Just after Snowflake's birth, we were asked if we'd be willing to take part in a piece of research on infant feeding. The research was explained to me and once both parents had consented, we embarked on a route of rather a lot of data gathering. Part of this is noting down every feed in the first 9 days, regular measurements and a poo and feeding record at certain intervals (my initial enthusiasm is a bit dampened because the whole thing is a pain in the bum, especially with a cluster feeding baby and a mummy who doesn't wear a watch).
Initially, my understanding of the research was that it attempted to increase knowledge of how breastmilk and formula affect the development of obesity and heart disease in the population. There seems to be some understanding that if an infant is breastfed exclusively for even just the first 10 days, this leads to a significant reduction of cases of obesity and heart disease compared to formula fed babies. What is not established is why exactly this is so. The research tries to compare three groups of babies - those breastfed exclusively for the first 10 days, those fed exclusively on a normal formula and those fed on a newly developed formula which mirrors breastmilk in that it contains less calories from fat (less than normal formula). So the idea is that the calories from fat content in formula milk in the early days may set up the body in a way that it will require more fat and carbohydrates in the future.
Breastfed babies who take part in this study (i.e. Snowflake) provide the base line against which negative effects in relation to obesity/heart disease of either formula are measured.
The background to the effort is that because so many mothers decide not to breastfeed, if a formula could be designed which was closer to breastmilk in that it had the same beneficial effect on preventing obesity and heart disease, this would significantly improve the nation's health.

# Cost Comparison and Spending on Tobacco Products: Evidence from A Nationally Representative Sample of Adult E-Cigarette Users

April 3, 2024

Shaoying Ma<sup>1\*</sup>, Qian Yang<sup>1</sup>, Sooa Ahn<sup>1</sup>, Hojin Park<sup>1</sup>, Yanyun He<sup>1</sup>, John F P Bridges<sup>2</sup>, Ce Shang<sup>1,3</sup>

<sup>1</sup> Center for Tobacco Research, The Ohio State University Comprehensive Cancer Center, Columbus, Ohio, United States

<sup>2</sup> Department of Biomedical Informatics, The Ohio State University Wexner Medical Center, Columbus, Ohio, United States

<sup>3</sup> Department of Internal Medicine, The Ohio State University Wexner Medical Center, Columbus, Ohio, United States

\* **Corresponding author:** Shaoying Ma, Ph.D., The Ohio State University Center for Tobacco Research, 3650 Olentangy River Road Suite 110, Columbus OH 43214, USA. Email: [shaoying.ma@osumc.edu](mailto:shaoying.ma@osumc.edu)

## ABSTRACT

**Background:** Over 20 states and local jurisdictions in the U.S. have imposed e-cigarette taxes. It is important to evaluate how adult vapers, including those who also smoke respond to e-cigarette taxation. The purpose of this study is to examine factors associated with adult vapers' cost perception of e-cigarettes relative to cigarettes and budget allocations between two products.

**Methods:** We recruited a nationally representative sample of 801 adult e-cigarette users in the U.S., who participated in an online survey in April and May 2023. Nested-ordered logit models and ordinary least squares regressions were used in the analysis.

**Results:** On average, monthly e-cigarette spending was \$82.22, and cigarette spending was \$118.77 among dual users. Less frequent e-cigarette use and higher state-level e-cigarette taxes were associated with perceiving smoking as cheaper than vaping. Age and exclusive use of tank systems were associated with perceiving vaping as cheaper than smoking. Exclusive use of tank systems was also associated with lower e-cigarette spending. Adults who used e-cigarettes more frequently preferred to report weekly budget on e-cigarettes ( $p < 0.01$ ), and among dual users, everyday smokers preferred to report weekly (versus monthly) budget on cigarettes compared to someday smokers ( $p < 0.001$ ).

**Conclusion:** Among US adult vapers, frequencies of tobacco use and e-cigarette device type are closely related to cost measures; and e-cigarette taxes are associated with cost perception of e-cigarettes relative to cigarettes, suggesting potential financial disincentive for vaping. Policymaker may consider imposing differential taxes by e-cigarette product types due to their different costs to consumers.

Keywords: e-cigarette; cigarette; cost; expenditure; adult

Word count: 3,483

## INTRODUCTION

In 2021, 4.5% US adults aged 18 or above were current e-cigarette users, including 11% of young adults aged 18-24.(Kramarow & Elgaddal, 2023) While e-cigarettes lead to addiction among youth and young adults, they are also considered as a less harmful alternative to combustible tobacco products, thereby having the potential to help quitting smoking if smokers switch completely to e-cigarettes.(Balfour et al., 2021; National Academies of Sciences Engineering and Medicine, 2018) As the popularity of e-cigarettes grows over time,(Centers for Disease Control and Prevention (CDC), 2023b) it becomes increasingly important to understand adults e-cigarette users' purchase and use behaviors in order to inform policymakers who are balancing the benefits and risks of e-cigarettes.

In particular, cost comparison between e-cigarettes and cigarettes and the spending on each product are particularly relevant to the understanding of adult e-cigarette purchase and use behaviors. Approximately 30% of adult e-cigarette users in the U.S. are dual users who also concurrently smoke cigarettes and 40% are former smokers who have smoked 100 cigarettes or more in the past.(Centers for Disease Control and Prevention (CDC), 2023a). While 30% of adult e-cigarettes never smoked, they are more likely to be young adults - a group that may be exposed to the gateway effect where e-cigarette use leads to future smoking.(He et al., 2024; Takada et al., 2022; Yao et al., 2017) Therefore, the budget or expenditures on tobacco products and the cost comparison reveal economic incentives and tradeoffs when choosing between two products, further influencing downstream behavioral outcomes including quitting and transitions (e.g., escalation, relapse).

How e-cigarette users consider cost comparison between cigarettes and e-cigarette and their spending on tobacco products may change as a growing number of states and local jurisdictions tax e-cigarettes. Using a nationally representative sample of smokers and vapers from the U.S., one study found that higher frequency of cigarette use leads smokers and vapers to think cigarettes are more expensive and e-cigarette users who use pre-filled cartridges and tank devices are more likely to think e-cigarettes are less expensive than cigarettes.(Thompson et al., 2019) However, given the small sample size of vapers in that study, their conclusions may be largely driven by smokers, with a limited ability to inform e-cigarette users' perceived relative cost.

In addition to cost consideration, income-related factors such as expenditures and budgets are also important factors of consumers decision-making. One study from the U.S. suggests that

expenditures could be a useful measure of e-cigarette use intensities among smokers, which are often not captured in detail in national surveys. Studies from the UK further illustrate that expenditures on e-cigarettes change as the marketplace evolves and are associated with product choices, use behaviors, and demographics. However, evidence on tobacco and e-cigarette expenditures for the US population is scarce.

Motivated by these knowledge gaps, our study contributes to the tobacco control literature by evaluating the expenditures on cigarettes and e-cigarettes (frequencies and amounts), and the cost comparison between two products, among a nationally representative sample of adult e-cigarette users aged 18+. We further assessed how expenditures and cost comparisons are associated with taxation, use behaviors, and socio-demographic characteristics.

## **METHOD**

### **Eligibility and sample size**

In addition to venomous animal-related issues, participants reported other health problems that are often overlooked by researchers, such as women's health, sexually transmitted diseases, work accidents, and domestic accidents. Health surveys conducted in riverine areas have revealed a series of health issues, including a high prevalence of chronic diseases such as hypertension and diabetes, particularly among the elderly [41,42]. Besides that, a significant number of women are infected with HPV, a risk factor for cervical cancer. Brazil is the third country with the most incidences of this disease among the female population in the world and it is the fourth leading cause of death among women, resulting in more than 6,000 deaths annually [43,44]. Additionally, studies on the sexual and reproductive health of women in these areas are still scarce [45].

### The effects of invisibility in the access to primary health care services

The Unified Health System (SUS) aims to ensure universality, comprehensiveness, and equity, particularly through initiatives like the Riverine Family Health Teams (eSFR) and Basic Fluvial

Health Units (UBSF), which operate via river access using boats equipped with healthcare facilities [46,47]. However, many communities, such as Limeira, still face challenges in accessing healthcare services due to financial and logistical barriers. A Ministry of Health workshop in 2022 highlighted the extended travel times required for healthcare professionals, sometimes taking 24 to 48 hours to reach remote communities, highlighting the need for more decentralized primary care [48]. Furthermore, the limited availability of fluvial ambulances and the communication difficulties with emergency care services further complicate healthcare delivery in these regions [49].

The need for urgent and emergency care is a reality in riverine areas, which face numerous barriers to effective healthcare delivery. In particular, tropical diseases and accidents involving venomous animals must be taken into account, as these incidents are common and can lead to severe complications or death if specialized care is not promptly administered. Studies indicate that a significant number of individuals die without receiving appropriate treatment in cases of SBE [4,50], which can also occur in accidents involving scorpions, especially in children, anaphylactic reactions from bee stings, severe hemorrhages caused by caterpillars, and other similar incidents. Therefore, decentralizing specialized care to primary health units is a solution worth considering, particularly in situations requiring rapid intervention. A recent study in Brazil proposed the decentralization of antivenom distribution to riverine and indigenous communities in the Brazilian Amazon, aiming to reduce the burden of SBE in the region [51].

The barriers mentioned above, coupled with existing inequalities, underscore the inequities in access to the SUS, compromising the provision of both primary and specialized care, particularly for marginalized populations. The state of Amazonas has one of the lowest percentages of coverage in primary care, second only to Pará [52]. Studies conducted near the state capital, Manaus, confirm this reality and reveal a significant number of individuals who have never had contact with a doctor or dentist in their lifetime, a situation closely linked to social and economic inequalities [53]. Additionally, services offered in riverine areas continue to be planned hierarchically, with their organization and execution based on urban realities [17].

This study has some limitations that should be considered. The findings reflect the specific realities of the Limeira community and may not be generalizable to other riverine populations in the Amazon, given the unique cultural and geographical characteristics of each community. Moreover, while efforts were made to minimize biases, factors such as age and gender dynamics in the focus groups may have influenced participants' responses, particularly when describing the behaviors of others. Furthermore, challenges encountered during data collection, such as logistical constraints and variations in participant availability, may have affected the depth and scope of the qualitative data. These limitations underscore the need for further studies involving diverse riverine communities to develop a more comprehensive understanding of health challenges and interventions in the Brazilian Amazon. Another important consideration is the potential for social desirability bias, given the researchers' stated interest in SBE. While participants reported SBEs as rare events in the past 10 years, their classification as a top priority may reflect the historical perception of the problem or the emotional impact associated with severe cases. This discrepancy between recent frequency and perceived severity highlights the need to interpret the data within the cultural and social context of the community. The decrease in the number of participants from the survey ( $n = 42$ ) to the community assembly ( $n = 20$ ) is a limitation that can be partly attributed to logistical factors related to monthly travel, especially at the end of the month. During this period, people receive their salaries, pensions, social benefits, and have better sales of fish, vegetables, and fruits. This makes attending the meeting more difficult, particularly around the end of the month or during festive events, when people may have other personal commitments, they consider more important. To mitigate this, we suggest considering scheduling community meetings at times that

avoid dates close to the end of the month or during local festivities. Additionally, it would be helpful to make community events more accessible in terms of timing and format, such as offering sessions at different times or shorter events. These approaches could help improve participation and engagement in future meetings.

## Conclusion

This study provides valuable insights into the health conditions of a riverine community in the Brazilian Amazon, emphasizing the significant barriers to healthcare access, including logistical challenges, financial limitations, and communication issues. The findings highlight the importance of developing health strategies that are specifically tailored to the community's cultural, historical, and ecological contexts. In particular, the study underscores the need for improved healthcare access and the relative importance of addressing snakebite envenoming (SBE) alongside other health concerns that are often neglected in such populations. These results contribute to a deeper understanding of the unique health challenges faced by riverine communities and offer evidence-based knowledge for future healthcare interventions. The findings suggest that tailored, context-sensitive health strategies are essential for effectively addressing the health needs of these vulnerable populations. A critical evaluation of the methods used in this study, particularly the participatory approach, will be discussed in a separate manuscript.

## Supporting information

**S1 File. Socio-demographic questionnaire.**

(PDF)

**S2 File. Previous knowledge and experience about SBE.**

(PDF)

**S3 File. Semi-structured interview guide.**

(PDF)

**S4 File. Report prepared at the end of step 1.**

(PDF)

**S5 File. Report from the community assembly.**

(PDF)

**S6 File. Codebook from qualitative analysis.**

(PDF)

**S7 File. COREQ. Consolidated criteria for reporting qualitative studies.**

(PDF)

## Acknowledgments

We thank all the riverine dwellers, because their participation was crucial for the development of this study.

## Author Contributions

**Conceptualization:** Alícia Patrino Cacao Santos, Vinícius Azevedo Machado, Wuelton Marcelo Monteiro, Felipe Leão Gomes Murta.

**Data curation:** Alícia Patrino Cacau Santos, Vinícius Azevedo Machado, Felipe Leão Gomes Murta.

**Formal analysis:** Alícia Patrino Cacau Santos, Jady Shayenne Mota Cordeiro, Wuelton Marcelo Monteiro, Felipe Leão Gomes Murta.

So here is my dilemma: I'm taking part in a study which, in effect, may lead to the promotion of formula feeding. While I accept that some mothers can't breastfeed and some choose for very good reasons not to breast feed (and I'm supportive of this choice), I'm also dismayed at the low breastfeeding rates particularly in the so called "deprived" areas of Glasgow (and the country), the link between poverty and low rates of breast feeding cannot be denied and it contributes to creating health inequalities from the point a baby is born, arguably earlier. I've talked about the significance of promoting breastfeeding from a poverty and health equalities perspective before.
I accept that it is easier to change formula than it is to change culture. I'm not sure if it's the right way or if it will most likely lead to even more mothers not breastfeeding. My worry is also that the knowledge obtained through this study, which is supported by the NHS, funded by pharmaceutical companies, may eventually be used by formula manufacturers who don't have the same ethics that the current funders and researchers have. It's all good and well to assure me that breast milk will always be best for baby, but a formula that can be marketed as preventing obesity and heart disease just like breast milk must be extremely attractive for less ethically committed manufacturers.
For now I've done my research and all the background of the study is kosher, but once the knowledge is out, can there be control over how it's used? And another question, who am I to decide that the only way to improve the nation's health is to go the long way and change culture, would it not actually be better to change what we can as soon as we can? If this new, fat reduced formula is better for the infant's health than the formula currently available, and if particularly mothers living in deprived communities aren't going to breastfeed anyway, is the ethical thing to do not to support the development of an improved formula that will help reduce health inequalities?
I have no final answer to my questions, but would be interested to hear what you think about all of this.